Consumer tech companies can help health systems reach patients in digital world


Greatest potential for partnerships to improve patient engagement, says expert in consumer genomics

Health systems should be looking to partner with consumer technology companies on solutions that will boost patient engagement and ultimately lead to better health.

While tech companies can offer expertise in digital engagement, health systems must also understand that they could be accepting some risk with digital health tools, which may be unproven, and require ongoing iterations and improvements over time, according to Jill Hagenkord, MD, an expert in consumer genomics.

“There needs to be more compromise and understanding about what level of risk health systems and providers are willing to take,” said Dr. Hagenkord, who was Chief Medical Officer at MDisrupt when she was interviewed by the Center for Connected Medicine in December 2019. She has since become Vice President of Genomics at Optum.

Watch a video of her interview, in which she discusses the opportunities for partnerships between technology companies and health systems.

What is the future for partnerships between health systems and digital health companies?

Traditional health care providers should be looking to improve their digital engagement with consumers as patients seek access to health care information and services online. Tech companies can play a vital role in providing highly engaging solutions for providers.

“The best opportunity for the incumbent health systems to collaborate with the tech industry, and especially consumer tech, is partnering with them to be better able to reach out to patients where they live and where they work to keep them healthy,” Dr. Hagenkord said.

However, each party needs to clearly understand the expectations of the other side. Tech companies operating outside of the health care space typically introduce a product and then iterate in real time, Dr. Hagenkord said. Early versions can include known bugs and “performance metrics aren’t completely understood,” she said.

Health care providers first and foremost must protect human health. So they need to be sure that an app with known bugs won’t harm patients. Clear communication about what the products are, how they work, and what could go wrong is key.

“There’s so much potential with the skills the health tech industry has, especially in consumer engagement, that the health systems can really benefit from,” she said.

“The best opportunity for the incumbent health systems to collaborate with the tech industry, and especially consumer tech, is partnering with them to be better able to reach out to patients where they live and where they work to keep them healthy,” Dr. Hagenkord said.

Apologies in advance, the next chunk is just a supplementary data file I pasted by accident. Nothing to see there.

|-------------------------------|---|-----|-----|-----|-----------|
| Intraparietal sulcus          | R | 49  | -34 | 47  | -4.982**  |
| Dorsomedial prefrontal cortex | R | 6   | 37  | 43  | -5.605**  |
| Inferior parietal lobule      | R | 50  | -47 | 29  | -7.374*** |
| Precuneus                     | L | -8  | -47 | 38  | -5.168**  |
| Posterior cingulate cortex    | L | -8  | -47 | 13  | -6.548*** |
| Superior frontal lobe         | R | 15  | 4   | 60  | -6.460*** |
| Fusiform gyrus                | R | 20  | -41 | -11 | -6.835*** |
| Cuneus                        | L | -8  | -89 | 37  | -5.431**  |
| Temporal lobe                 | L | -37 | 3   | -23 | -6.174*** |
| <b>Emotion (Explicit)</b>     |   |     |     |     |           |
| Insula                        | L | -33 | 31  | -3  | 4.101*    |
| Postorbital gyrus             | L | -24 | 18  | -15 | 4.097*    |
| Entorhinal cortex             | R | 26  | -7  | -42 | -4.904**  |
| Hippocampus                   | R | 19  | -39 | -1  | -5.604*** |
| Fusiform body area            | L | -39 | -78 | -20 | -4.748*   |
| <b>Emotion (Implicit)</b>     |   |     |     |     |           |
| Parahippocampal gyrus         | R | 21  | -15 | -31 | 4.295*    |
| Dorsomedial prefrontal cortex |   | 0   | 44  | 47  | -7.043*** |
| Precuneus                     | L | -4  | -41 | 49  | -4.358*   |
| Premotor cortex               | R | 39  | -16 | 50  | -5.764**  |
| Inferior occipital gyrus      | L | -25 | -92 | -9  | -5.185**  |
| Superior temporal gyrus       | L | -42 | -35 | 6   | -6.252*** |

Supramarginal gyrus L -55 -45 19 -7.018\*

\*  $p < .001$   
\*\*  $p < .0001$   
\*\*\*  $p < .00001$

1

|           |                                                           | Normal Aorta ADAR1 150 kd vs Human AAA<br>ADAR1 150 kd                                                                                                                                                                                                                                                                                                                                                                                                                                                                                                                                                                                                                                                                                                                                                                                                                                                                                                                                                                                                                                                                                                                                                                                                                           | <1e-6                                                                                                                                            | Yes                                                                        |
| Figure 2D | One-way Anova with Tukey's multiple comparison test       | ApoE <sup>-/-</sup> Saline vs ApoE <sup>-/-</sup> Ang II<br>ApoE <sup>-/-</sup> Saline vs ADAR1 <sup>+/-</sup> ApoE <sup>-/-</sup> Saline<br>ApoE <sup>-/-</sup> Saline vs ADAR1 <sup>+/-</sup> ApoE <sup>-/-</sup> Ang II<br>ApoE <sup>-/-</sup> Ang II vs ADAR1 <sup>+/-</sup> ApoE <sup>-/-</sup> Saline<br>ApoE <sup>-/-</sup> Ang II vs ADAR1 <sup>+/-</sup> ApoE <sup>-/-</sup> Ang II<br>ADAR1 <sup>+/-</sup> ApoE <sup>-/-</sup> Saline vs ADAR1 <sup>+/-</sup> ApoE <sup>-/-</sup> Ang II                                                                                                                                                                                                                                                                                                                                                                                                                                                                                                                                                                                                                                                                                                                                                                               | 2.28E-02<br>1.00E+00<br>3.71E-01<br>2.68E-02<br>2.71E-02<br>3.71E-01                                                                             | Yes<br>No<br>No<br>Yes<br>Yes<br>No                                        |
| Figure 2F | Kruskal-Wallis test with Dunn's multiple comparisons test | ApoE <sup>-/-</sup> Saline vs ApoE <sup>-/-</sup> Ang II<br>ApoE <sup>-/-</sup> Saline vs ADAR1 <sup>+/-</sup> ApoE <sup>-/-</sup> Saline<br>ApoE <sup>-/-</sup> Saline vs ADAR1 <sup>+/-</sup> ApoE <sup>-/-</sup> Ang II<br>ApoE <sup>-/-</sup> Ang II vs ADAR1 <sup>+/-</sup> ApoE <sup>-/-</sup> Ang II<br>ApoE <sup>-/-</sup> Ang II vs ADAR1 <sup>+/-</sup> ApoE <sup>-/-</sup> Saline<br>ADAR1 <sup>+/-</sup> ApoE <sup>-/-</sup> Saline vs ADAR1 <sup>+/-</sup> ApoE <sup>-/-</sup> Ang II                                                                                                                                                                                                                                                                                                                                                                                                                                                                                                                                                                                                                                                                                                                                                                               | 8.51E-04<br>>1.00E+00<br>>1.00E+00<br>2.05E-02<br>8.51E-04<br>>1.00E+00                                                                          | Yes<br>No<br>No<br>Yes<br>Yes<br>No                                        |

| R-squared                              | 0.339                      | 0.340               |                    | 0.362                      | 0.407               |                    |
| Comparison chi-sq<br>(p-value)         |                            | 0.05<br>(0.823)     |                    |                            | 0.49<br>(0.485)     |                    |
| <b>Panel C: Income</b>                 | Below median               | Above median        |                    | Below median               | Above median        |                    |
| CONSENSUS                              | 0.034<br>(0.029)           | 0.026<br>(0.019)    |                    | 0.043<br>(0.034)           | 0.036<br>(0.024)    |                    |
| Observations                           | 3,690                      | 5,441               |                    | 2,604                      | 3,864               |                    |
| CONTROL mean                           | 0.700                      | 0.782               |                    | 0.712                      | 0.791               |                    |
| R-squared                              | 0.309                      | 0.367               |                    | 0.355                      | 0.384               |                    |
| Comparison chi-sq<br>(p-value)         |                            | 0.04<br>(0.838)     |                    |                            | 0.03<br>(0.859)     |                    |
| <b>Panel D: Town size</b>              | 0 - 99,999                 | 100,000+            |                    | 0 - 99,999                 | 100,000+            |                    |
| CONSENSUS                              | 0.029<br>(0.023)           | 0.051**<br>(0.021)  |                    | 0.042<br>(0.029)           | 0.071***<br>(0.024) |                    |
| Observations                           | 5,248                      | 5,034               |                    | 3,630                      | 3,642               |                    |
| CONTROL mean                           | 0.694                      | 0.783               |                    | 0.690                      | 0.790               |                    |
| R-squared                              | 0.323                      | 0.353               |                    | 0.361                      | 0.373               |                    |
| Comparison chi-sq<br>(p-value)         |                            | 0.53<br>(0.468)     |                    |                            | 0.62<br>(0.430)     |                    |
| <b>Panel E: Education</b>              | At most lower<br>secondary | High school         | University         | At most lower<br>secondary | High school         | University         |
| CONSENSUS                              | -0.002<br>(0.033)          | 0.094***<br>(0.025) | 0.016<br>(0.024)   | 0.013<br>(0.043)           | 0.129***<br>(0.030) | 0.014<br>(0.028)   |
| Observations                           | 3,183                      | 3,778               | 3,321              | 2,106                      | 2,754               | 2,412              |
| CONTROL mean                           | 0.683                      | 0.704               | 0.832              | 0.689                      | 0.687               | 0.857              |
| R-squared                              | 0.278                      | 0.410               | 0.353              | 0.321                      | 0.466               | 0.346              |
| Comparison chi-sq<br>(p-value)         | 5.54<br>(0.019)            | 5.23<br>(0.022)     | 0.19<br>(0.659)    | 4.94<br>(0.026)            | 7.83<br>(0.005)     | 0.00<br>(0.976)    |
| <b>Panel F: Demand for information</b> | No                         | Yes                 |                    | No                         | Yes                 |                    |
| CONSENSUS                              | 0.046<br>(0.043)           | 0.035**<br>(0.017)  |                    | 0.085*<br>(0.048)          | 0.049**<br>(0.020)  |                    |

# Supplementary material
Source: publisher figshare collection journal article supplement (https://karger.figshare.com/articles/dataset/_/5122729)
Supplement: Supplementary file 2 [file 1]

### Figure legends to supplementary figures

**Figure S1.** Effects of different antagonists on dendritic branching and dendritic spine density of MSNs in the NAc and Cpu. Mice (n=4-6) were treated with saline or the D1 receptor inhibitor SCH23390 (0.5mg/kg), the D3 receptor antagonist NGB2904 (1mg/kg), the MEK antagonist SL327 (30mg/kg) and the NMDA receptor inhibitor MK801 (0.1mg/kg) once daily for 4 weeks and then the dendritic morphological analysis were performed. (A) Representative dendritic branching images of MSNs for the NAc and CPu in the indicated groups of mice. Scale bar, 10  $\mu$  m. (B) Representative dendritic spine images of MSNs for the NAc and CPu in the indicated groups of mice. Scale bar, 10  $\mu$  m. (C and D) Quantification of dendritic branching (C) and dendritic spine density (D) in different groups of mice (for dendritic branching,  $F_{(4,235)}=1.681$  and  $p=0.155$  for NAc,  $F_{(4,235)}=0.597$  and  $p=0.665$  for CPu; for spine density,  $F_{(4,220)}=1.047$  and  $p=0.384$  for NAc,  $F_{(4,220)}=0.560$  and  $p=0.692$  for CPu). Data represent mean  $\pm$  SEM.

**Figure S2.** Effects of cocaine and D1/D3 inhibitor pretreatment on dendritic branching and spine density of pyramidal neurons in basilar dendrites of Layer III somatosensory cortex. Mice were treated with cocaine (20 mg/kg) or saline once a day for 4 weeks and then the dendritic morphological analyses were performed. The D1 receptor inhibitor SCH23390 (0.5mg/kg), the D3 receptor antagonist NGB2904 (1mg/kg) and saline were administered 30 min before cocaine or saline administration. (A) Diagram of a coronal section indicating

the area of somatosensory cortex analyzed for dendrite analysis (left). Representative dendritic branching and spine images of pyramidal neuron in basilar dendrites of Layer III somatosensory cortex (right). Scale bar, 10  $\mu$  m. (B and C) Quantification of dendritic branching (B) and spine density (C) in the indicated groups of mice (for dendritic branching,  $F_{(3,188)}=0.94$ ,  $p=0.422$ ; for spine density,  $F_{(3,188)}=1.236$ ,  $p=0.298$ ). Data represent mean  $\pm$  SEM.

Partnerships between providers, tech companies growing

Dr. Hagenkord, who previously held roles with consumer genomics companies, co-founded MDisrupt in 2019 with a goal of helping investors vet the claims of health-tech startups, according to CNBC.

The need for greater understanding between health systems and entrepreneurs is growing as the health care industry increasingly looks to startups and established tech companies for solutions.

Dozens of provider systems formed partnerships with major technology companies in 2019, including with Alphabet, Amazon, Apple, IBM, Facebook, and Microsoft, according to Becker’s Hospital Review.

In addition to understanding if and how a new tech solution works, health system executives should also be aware that while patients might be willing to share data with their physicians, they could be reticent to hand it over to Google, Facebook, and other tech companies.

According to a recent survey from the University of Chicago Booth School of Business and Northwestern University’s Kellogg School of Business, nine in 10 Americans would be unwilling to share their medical information with technology companies.

Rock Health and the Stanford Center for Digital Health found a similar trend in their 2019 Digital Health Consumer Adoption Report. While 73 percent of survey respondents said they were willing to share personal health data with their physicians, only 10 percent said they would share that data with technology companies.

More about Jill Hagenkord, MD

Dr. Hagenkord is a board-certified pathologist with subspecialty boards in molecular genetic pathology and a fellowship in pathology/oncology informatics. Her expertise is in health product strategy, coding, coverage, reimbursement, medical and regulatory affairs, health policy, clinical laboratory medicine, molecular diagnostics, population health, provider education, patient engagement, and medical diligence for health tech.

Dr. Hagenkord serves on a number of medical professional societies as an active member in the Association for Molecular Pathology, the College of American Pathologists, American College of Medical Genetics and Genomics, and the National Academies of Science, Engineering, and Medicine’s Roundtable on Genomics and Precision Health.

She received her medical degree from Stanford University School of Medicine, did residency training at the University of California at San Francisco and the University of Iowa, and completed fellowships at UPMC. Subsequently, she practiced pathology at Creighton University Medical Center where she founded iKaryos Diagnostics. Dr. Hagenkord previously was the Chief Medical Officer at MDisrupt, Color Genomics, 23andMe, Invitae, and Complete Genomics.

Digital health tools resources from the CCM

Watch our webinar on-demand to hear from health system and technology leaders about how providers are leveraging digital tools as in-person services expand.

Learn about how CCM partner UPMC ramped up telemedicine to address patient care during the pandemic.

And find out from a UPMC executive why health systems must prioritize the digital patient experience.

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